Monday, March 30, 2009

Why Women Are Religious: An Evolutionary Argument

I have written several previous posts critiquing male-centric religions that dominate today. One of the reasons that I am not Christian, Jewish, or Muslim is that I don't think it is appropriate or accurate to personify the supreme deity as some sort of male being. What I always have less trouble understanding is how other women do so quite willingly. In her article "Why Women Are Bound to Religion: An Evolutionary Perspective," R. Elisabeth Cornwell, PhD explores this question while drawing from evolutionary ideas. Specifically, she asks:

"While religions throughout history have mutated, gone extinct, and propagated -- the position of women within their ever expanding reach has usually fared poorly. Yet, women are far more likely to be religious, attend religious services, and inculcate their children with their beliefs. Why are women so willing to give in to religious dogma and subject themselves to the degradations often inflicted upon them?"

Conrwell begins to answer this question by noting that men and women differ physically and hormonally. Furthermore, as the human brain grew, humans developed the need for an extended childhood and, subsequently, the need to be taken care of for longer periods of time than other mammals. Due to this vulnerability, women had to rely on the support of other women and the support of men in order to ensure the survival of their offspring. As Cornwell writes, "With this in mind, we can begin to understand why it is so essential for women to fit into their social group. Exclusion would have meant extinction since those women who could not live in accord with the other members of their group would have had fewer or no descendants."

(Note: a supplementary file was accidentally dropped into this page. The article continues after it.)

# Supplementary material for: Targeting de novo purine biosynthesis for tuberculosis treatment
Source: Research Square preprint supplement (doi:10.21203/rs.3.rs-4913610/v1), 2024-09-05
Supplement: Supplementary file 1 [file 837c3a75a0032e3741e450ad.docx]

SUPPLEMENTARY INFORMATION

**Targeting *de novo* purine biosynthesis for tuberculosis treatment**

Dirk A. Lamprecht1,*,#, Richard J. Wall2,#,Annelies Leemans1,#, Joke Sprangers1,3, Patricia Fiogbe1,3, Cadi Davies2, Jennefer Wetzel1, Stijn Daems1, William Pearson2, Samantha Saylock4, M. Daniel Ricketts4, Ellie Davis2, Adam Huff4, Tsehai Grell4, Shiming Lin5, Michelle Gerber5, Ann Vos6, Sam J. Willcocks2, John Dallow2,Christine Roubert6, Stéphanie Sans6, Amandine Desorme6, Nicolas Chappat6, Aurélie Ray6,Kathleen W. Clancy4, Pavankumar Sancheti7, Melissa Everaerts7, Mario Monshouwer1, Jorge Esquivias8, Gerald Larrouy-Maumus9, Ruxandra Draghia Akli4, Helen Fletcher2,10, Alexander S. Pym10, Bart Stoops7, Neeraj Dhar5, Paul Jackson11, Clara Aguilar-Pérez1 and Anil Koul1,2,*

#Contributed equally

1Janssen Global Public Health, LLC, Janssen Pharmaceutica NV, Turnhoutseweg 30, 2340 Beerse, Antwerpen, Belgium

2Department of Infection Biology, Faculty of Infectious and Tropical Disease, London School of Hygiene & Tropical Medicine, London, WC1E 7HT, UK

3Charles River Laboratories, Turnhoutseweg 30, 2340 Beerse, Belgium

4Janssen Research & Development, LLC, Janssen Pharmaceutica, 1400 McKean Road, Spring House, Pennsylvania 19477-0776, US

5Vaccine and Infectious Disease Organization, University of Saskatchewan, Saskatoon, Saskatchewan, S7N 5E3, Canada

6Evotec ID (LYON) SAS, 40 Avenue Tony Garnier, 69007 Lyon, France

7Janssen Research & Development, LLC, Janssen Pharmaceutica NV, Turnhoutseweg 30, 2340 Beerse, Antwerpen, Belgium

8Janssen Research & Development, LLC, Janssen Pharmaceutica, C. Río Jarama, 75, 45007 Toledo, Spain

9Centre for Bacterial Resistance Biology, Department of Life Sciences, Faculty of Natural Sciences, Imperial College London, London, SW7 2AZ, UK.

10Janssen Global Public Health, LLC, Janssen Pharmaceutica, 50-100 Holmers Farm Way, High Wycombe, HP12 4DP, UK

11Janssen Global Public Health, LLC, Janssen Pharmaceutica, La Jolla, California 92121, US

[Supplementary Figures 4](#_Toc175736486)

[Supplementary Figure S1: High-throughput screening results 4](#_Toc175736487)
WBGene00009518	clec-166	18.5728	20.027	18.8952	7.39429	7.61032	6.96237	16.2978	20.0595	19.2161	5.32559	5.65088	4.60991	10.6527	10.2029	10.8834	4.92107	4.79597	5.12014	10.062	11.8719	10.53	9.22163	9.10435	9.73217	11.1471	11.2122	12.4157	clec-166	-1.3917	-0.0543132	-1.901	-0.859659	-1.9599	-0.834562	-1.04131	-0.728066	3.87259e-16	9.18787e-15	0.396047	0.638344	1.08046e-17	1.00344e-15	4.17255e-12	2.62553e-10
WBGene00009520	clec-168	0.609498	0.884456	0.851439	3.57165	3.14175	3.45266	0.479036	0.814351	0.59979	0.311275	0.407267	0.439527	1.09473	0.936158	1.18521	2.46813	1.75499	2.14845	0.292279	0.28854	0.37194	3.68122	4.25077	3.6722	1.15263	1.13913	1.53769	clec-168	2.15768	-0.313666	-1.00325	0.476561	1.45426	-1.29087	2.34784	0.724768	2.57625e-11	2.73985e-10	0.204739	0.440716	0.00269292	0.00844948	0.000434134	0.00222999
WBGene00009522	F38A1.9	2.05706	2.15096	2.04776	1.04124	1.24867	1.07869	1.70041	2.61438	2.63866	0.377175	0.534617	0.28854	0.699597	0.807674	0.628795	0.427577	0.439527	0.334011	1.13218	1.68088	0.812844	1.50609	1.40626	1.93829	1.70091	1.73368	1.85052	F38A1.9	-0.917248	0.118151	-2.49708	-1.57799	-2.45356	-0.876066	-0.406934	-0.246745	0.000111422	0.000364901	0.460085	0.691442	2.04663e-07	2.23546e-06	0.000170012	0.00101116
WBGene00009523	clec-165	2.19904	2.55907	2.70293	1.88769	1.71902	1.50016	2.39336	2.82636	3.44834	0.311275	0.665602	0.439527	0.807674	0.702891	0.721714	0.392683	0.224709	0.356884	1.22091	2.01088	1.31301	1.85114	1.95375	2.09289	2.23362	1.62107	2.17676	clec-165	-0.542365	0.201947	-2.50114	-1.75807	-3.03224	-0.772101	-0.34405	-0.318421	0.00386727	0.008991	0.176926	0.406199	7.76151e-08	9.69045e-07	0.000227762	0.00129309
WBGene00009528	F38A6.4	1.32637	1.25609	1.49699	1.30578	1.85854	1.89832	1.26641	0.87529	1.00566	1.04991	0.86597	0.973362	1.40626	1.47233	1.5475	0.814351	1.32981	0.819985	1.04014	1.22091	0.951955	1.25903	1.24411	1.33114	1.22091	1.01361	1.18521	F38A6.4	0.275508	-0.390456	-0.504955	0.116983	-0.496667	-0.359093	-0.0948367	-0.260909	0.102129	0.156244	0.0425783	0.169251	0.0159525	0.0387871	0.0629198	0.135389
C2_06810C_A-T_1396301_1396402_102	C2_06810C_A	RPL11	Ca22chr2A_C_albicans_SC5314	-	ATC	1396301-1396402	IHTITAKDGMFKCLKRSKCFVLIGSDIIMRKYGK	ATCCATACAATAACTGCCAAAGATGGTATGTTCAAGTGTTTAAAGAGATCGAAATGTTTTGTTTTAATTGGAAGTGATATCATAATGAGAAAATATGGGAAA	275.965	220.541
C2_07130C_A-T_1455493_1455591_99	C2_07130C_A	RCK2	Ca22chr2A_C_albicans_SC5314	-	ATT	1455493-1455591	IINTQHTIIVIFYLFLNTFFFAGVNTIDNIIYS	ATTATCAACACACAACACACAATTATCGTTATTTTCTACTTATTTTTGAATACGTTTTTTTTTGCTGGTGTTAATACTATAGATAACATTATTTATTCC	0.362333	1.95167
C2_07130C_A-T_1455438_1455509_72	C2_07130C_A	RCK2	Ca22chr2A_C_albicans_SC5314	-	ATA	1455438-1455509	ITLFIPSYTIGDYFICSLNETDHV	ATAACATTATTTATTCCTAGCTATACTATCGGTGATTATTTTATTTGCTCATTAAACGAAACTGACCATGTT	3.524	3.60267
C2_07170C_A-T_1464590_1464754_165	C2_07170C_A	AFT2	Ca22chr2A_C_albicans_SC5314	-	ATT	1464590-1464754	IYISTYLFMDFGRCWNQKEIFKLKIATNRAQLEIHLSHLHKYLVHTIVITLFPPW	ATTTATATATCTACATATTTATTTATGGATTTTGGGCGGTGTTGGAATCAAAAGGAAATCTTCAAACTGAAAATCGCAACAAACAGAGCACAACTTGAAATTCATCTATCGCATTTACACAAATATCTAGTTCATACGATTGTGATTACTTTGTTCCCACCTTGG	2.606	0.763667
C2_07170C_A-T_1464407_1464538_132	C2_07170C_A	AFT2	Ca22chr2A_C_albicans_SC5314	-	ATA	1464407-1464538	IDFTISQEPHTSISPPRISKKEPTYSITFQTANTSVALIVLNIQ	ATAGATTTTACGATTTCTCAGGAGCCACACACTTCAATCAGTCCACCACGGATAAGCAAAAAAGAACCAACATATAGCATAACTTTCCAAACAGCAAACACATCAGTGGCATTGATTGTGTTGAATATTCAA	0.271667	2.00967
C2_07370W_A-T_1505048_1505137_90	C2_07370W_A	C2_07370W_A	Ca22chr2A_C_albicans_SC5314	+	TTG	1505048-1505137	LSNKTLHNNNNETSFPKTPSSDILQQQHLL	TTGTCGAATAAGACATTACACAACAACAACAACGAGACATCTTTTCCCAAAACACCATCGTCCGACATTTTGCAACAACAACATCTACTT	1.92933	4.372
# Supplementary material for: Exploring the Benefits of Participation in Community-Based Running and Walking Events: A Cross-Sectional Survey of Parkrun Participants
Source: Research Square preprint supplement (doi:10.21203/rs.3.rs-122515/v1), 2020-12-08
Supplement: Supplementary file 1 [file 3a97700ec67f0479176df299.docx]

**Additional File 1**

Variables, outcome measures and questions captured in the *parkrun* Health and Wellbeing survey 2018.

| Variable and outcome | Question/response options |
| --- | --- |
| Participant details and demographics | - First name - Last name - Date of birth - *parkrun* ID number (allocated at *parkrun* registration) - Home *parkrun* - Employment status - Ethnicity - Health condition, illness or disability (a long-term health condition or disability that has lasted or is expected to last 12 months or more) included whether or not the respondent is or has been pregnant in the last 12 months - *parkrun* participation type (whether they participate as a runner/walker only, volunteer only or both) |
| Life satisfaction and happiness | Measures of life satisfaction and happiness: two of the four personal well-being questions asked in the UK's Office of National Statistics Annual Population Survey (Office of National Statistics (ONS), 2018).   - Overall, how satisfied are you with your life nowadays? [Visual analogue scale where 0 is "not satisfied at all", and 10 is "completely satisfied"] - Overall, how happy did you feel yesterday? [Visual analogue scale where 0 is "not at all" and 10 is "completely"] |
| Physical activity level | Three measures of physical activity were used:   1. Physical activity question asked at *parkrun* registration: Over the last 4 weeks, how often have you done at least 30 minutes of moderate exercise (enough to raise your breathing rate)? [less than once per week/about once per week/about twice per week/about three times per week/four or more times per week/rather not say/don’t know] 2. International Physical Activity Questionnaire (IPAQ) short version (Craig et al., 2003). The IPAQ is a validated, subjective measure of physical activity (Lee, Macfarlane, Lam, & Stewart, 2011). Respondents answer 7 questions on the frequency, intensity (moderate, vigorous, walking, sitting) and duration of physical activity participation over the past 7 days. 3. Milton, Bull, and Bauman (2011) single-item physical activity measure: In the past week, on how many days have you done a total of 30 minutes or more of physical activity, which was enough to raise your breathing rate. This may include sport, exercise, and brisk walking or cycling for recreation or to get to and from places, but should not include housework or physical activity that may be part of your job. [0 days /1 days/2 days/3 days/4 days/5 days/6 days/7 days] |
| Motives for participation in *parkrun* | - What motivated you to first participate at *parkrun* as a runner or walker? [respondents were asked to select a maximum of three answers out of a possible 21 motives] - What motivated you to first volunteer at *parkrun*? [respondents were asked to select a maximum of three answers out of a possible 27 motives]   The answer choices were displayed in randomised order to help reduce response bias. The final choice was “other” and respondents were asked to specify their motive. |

She goes on to argue that the same concept is at work today:

"Religion creates the illusion of kinship, and kinship is crucial to a woman's reproductive success. Even today, single mothers (and fathers) who receive support from family often avoid many of the pitfalls that single parents without support endure."

I think this argument is interesting. While some conservatives and religious folks argue that men and women are "complementary" and that's why all children need a mother and a father, Cornwell's evolutionary argument suggests that human survival throughout history was due more to the provision of social support to the mother or primary caretaker. Furthermore, religion does provide a built-in support network and, in small communities especially, I can see how it would be scary to be excluded from such a network. For many women, it seems, the practical benefits of having this kinship system would outweigh the less tangible harm of belonging to a very male-centric religious community.

For atheism, agnosticism, secular humanism, and any other belief system to truly compete with today's monotheistic male-centric religions, they will have to provide community, kinship, and social support.

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